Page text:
More than 15 years apart and a tiny margin: Why Djokovic vs Alcaraz is fascinating rivalry
Tennis can’t have two world number ones, as it’s felt the sport has had for the past nine months. In the Wimbledon final this Sunday, Carlos Alcaraz hopes to prove that Novak Djokovic’s throne is more fragile than it looks.
Right now, tennis fans are witnessing something never seen before in men’s tennis. Over the past decades, the sport has had the privilege of seeing legendary matches between geniuses at the top of their game – Nadal vs Federer, Djokovic vs Nadal, Djokovic vs Federer.
Across this period, members of the ‘Next Gen’ have also seized their chances against these legends on evenings when an air of surprise wafted through the tennis world, like when Daniil Medvedev beat Djokovic in the final of the 2021 US Open. Wind back the clock even further, and we have some of the all-time greats: the McEnroe of 1979, the Becker of 1985, the Sampras of 1990, even the Hewitt and the Safin of 2000-2001 before the Nadal of 2005.
But a rivalry for the ages between two players almost 16 years apart—15 years and 349 days—and one which has recently produced some of the highest calibre tennis in contemporary history? That has never been seen.
Contrasting legacies on the line at Wimbledon
To be convinced of this, let’s take a step back, escape the excitement of the moment and look at what Monday morning will bring.
Either Djokovic wins, claiming his eighth Wimbledon and 24th Grand Slam overall, equalling Roger Federer and Margaret Court respectively. It would also be the Serb’s third Major of the year from three opportunities, and fourth in a row from those he’s been able to play, having been barred from the 2022 US Open.
In doing so, Djokovic would again gently remind the younger generation that try as they may, they continue to fall short in their attempts to usurp his throne.
Or, Carlos Alcaraz wins his second Grand Slam title, depriving Djokovic of a potential calendar Grand Slam, and retaining the world No 1 ranking. He’d also finally silence the naysayers who have pointed to the fact that Djokovic doesn’t have his Wimbledon points from 2022, and tie the 36-year-old 2-2 across the past four Grand Slams.
Such a victory would be a resounding statement that Alcaraz’s challenge to Djokovic is not only a point of fascination for the tennis world, but also a legitimate threat.
An opportunity for Alcaraz to write his own story
“If it was not Alcaraz in front of him, I would say Djokovic cannot lose this match. But this kid is from another world”, we heard in London on yesterday in the alley. Things cannot happen like in1974, when 39-year-old Ken Rosewall squared off against 21-year-old Jimmy Connors. The American quickly dashed any thoughts of a fairytale finish for Rosewall, putting him to the sword 6-1, 6-1, 6-4. That’s another story : Rosewall was only seed No9.
Anyway Alcaraz has a unique opportunity—almost unexpected given his lack of experience on grass—to give substance to a recent Medvedev declaration that the Spaniard is cut from the same cloth as the Big Three.
The facts can confirm, or not. Like Nadal, Djokovic and Federer, Alcaraz won his first Grand Slam final at first attempt, and even before 20. However his trajectory, which was comparable to Nadal’s until Roland-Garros 2022, appeared to suffer a slight setback since his quarter-final defeat in Paris that year.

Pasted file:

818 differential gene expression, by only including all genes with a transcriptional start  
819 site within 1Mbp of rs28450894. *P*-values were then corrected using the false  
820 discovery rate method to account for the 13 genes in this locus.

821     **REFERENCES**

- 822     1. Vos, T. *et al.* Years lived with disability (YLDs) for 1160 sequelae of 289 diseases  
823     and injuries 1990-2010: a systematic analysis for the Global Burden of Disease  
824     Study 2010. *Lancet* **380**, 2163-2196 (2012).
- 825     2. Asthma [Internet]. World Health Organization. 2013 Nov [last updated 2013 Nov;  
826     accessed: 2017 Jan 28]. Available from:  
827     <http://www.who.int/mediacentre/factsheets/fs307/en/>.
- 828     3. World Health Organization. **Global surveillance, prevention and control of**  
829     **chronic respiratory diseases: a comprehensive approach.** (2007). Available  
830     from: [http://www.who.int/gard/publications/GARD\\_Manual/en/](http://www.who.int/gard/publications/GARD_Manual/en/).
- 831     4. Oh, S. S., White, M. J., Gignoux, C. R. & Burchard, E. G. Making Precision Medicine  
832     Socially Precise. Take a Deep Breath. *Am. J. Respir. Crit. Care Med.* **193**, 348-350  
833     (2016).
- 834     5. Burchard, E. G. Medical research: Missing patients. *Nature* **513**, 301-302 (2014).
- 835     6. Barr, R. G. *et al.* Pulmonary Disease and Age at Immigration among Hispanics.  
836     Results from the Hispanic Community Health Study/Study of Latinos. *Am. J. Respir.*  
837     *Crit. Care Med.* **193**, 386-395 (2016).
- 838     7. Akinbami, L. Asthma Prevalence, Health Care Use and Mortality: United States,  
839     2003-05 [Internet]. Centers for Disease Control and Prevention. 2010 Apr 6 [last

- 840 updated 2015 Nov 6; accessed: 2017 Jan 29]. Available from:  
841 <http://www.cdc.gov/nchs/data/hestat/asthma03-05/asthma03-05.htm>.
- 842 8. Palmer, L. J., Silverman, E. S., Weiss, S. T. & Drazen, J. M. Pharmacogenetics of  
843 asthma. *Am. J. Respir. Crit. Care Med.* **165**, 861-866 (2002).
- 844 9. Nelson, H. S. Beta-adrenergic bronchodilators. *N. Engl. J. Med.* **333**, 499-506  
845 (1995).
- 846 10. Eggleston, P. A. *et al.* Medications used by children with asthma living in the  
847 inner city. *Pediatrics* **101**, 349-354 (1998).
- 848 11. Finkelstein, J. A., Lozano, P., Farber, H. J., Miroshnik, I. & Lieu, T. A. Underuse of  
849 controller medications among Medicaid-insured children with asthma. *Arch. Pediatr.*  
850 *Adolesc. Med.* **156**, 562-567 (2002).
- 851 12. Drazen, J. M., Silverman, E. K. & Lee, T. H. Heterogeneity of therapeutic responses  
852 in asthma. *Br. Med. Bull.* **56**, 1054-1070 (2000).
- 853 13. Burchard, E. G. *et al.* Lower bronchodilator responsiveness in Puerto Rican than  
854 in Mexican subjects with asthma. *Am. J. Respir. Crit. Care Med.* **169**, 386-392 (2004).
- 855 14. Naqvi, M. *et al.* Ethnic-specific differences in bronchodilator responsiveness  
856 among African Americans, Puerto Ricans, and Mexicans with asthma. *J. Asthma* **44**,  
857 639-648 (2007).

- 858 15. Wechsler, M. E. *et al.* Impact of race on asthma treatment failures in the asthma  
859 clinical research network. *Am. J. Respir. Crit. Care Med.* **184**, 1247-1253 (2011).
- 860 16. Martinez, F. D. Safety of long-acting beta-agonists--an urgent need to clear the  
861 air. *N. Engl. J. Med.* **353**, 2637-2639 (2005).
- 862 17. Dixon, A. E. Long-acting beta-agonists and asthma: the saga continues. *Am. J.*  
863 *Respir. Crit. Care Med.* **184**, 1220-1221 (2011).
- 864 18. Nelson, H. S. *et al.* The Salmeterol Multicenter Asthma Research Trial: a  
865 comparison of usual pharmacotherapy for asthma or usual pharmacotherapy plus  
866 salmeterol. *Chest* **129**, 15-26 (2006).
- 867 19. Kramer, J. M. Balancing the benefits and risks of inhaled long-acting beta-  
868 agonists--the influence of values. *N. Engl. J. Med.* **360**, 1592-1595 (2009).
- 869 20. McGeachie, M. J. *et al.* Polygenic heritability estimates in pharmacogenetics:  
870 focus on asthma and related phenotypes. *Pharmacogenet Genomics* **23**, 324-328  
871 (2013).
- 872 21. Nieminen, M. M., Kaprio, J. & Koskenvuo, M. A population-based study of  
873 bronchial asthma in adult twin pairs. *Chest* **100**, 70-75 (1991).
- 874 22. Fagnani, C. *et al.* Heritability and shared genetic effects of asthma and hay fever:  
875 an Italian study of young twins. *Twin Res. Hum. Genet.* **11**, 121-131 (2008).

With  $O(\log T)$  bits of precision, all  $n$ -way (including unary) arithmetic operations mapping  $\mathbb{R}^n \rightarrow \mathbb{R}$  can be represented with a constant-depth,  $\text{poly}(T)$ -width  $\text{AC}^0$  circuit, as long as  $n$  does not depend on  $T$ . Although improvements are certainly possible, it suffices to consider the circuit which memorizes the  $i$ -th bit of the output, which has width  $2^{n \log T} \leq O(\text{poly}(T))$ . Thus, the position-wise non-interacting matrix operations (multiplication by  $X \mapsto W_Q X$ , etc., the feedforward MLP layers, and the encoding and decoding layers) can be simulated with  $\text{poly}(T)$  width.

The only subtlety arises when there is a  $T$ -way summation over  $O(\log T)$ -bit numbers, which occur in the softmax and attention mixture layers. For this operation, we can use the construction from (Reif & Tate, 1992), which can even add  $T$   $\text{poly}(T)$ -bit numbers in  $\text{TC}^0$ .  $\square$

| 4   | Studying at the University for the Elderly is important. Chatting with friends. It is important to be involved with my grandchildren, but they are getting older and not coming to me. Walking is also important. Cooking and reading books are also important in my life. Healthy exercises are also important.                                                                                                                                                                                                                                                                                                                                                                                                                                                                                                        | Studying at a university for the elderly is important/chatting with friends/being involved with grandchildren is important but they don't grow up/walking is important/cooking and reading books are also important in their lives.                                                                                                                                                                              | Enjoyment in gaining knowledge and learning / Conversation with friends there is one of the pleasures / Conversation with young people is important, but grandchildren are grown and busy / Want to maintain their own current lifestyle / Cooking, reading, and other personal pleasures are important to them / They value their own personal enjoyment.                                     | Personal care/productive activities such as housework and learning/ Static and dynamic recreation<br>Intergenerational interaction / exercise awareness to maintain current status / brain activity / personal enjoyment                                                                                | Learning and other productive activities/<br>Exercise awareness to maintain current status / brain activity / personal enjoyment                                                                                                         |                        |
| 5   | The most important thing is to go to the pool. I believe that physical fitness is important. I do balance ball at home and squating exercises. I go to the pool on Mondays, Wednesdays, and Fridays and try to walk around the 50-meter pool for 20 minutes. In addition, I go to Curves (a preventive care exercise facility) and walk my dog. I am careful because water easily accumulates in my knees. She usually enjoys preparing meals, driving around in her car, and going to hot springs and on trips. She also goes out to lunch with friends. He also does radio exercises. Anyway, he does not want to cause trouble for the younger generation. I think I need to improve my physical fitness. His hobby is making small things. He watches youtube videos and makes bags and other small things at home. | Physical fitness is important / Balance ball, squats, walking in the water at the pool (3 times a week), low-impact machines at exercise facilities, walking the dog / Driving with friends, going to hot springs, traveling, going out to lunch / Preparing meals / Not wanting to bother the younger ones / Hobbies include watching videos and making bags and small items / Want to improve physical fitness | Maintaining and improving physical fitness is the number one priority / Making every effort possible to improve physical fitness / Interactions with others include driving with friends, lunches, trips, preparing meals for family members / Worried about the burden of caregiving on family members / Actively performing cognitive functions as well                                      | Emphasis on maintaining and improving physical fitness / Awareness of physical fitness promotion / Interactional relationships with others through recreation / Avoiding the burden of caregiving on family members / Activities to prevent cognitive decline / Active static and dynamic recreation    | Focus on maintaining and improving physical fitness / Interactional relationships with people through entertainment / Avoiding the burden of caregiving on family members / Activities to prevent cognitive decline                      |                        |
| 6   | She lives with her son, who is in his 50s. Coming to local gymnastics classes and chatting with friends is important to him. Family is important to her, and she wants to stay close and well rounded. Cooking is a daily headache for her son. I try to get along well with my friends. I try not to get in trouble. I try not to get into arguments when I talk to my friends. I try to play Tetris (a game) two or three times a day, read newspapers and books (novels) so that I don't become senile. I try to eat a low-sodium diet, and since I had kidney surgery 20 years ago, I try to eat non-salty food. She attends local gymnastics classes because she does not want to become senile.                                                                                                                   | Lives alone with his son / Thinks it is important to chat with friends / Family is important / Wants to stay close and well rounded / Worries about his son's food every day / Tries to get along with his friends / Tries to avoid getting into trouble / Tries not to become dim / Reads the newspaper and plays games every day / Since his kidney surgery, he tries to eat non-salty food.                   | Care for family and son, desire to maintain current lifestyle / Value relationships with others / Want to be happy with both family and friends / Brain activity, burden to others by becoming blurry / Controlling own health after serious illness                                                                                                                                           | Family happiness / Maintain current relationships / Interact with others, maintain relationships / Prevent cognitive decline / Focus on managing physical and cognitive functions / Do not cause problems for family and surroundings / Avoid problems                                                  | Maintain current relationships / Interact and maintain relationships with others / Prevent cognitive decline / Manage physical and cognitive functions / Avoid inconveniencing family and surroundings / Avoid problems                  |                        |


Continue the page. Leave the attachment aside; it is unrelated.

With two major titles at 20 years old, on two different surfaces, Alcaraz would confirm he’s not late at all in total greatness. As an example, the Spaniard would become only the third player since Boris Becker in 1985-1986 and Björn Borg in 1976 to win Wimbledon before the age of 21.
Alcaraz capable of going toe-to-toe with Djokovic
The cramps that Alcaraz suffered at Roland-Garros should not make us forget that he can go toe-to-toe with Djokovic in terms of pure tennis, and come out victorious.
In Madrid in 2022, Alcaraz beat Djokovic with zero hesitation in key moments.
In Paris this year, the final score between Alcaraz and Djokovic does not do justice to how close the first two hours of the contest were. Courtesy of Djokovic’s clever mind games ahead of the match, the Spaniard was put on a pedestal as the favourite to win, leading to a new level of nerves that the 20-year-old had not had to navigate previously.
Even so, he pushed Djokovic to the limit of his physical ability for the better part of two hours ; these are Djokovic’s own words.
A new tennis champion, one way or another
Logic says Carlos Alcaraz will have to wait for his Wimbledon glory.
Rafael Nadal only won Wimbledon on his third attempt in 2008, needing two final losses against Roger Federer before he could triumph on grass. Despite this, Alcaraz is confident his time can come this Sunday on Centre Court, with the Spaniard two months away from defending his first major title, this time with Djokovic in the draw.
Still, chances are that this match will come down to Djokovic.
This year in Grand Slams, the Serbian has consistently displayed an ability to rise to the level required for victory. If this match becomes an arm-wrestle, Djokovic will likely beat Alcaraz. The 20-year-old’s only chance of success is if he turns this from arm-wrestling, to boxing, and scores a knockout blow against his opponent. Similar to his successes against Holger Rune and Daniil Medvedev, Alcaraz has proven he’s able to go toe-to-toe and challenge Djokovic.
If this match has the scent of a summit, it’s not because a 20-year-old player has ascended to the height of tennis greatness. It’s because Novak Djokovic is in the process of inventing a new prototype of tennis champion: one 35+ years old, who was recently asked in press conferences, “Have you ever played tennis this well?
Now that, is something tennis has never seen.